McHugh is smart, her stories are smart, and the possibilities they hold are utterly frightening.  If you’re paranoid, you might want to skip this one.

Because I don’t read science fiction magazines this is my first time with McHugh’s shorter works.  I love her novels and have now added her first story collection, Mothers & Other Monsters to my wish list.

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Seed by Rob Ziegler

Seed by Rob Zielger

Night Shade Books, San Francisco, 2011

From my library TBR list.  With a recommendation from Paolo Bacigalupi, author of The Windup Girl, I wanted to read this one when I first saw it on the Night Shade Books website.

At the beginning of the 22nd century most of the United States has become a dust bowl, ravaged by violent waves of unpredictable weather.  Migrants, ragged and hungry, travel from place to place, on foot or in rigged-up vehicles,gathering Seed from government depots and hoping to find a place to grow and harvest a crop, enough food to last until the next harvest, never knowing when that will be.  They are swayed by prairie saints and harassed by La Chupacabra, a gang of violent thieves.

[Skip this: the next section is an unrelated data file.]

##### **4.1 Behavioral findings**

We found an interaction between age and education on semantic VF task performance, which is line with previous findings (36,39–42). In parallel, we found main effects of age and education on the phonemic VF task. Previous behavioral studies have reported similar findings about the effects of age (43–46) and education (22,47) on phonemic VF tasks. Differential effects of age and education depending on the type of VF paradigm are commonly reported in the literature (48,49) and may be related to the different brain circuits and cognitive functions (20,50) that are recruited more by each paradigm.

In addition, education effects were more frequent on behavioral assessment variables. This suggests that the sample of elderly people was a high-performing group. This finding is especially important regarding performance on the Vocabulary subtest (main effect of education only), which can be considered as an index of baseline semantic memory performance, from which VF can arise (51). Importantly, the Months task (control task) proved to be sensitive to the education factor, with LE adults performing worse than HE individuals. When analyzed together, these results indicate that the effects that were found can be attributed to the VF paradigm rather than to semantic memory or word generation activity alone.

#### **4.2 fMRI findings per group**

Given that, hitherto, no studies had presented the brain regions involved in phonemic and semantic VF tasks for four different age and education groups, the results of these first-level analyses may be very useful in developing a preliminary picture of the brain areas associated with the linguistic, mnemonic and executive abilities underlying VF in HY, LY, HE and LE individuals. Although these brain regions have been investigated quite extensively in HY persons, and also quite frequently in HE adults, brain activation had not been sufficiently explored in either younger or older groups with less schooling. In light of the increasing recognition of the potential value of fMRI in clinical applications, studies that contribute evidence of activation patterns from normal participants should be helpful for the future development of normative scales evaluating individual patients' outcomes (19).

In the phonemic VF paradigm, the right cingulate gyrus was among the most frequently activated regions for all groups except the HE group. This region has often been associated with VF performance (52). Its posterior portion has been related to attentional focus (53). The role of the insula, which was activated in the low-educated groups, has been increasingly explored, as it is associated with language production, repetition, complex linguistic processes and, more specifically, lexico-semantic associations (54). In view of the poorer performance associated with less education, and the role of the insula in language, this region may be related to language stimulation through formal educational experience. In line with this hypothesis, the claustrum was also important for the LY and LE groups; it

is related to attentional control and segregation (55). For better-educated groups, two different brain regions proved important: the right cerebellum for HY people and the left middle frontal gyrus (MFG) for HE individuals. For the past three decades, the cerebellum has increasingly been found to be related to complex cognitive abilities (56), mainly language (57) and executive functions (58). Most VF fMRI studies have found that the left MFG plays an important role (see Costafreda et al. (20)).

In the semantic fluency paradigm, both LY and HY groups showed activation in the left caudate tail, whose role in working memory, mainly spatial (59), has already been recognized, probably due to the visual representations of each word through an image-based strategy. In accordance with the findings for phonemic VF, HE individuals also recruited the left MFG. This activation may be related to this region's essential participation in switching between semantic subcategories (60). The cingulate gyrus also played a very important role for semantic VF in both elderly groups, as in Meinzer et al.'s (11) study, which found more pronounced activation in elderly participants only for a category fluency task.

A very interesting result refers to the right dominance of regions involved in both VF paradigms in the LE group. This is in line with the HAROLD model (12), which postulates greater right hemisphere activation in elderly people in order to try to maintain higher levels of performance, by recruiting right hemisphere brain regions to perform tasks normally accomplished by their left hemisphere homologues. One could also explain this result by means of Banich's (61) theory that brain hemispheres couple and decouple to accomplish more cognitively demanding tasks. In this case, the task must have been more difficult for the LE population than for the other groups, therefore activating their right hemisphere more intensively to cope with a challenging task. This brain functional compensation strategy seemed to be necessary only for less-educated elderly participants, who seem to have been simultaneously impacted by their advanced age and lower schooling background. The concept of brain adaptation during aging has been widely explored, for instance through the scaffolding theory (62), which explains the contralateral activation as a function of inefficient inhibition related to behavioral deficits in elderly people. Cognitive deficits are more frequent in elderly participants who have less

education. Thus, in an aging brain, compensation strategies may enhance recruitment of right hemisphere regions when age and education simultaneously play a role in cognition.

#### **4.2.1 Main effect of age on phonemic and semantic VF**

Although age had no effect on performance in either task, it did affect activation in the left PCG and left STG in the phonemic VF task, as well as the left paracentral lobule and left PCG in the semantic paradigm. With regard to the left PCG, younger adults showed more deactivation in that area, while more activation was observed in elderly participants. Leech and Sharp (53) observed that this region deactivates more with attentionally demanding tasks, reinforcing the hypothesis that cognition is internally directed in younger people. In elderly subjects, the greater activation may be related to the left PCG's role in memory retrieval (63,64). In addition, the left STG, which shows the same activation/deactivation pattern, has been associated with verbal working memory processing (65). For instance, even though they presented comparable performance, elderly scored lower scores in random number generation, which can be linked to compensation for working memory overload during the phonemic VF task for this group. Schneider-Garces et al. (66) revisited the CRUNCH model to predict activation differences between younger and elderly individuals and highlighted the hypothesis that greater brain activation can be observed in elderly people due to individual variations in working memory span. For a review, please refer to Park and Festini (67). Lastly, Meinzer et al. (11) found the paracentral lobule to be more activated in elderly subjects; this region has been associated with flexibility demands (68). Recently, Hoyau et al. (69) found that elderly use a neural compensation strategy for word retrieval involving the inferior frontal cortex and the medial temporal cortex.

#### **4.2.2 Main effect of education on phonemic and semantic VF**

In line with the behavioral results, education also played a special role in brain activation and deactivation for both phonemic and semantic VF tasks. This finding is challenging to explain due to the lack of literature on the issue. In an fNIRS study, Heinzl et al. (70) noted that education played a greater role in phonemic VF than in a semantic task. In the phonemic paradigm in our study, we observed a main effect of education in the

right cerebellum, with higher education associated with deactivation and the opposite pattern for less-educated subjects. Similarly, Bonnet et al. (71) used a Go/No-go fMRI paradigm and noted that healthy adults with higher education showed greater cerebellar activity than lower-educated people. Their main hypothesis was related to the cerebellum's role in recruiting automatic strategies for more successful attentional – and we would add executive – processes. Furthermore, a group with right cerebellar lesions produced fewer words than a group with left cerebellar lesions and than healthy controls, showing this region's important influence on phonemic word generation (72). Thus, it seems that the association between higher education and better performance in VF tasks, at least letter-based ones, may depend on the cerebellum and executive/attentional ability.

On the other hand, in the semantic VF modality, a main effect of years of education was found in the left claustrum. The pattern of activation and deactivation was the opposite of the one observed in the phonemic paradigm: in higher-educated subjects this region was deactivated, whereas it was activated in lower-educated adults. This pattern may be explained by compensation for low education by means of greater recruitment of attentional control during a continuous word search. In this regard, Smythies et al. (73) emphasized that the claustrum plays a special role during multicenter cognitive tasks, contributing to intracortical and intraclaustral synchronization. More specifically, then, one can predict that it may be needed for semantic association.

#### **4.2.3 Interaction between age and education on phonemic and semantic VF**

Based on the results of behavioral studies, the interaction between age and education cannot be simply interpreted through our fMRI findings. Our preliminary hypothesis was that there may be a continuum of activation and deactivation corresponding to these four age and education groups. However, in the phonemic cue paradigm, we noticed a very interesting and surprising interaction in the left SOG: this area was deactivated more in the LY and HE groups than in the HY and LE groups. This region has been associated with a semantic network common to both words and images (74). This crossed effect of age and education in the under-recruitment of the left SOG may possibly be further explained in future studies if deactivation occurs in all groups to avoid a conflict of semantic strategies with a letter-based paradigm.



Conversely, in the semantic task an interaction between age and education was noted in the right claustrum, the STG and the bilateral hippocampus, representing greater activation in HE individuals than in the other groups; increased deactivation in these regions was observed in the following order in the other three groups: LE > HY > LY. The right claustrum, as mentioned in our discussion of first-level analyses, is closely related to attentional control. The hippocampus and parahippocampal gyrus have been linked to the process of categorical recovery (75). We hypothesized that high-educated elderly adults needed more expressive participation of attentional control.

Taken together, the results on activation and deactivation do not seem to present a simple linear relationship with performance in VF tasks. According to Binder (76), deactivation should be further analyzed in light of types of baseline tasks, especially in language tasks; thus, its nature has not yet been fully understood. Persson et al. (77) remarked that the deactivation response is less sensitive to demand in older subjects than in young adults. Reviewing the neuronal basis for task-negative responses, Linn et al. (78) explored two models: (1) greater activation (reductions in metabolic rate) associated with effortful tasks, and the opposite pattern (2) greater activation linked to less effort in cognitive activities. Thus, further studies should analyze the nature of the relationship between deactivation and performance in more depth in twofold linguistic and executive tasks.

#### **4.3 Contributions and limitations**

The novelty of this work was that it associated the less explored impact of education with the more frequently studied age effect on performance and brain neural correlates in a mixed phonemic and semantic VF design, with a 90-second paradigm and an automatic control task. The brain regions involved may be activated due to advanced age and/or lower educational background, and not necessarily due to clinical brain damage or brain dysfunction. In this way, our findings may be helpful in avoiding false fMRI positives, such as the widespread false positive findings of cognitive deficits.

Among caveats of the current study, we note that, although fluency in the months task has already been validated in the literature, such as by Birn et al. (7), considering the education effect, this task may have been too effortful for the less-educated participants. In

Seed is bio-engineered and precious, marked by a tiny barcode.   Made by Satori, a living,  growing animal of a city, controlled by the Designers, and genetically coded to be sterile,  it is the only source of food available, and the Government struggles to control  it.  Satori’s Designers, bio-engineered themselves, have minds of their own and have created modified humans as laborers and security forces.  And there is Tet, a deadly virus slowly spreading through the population.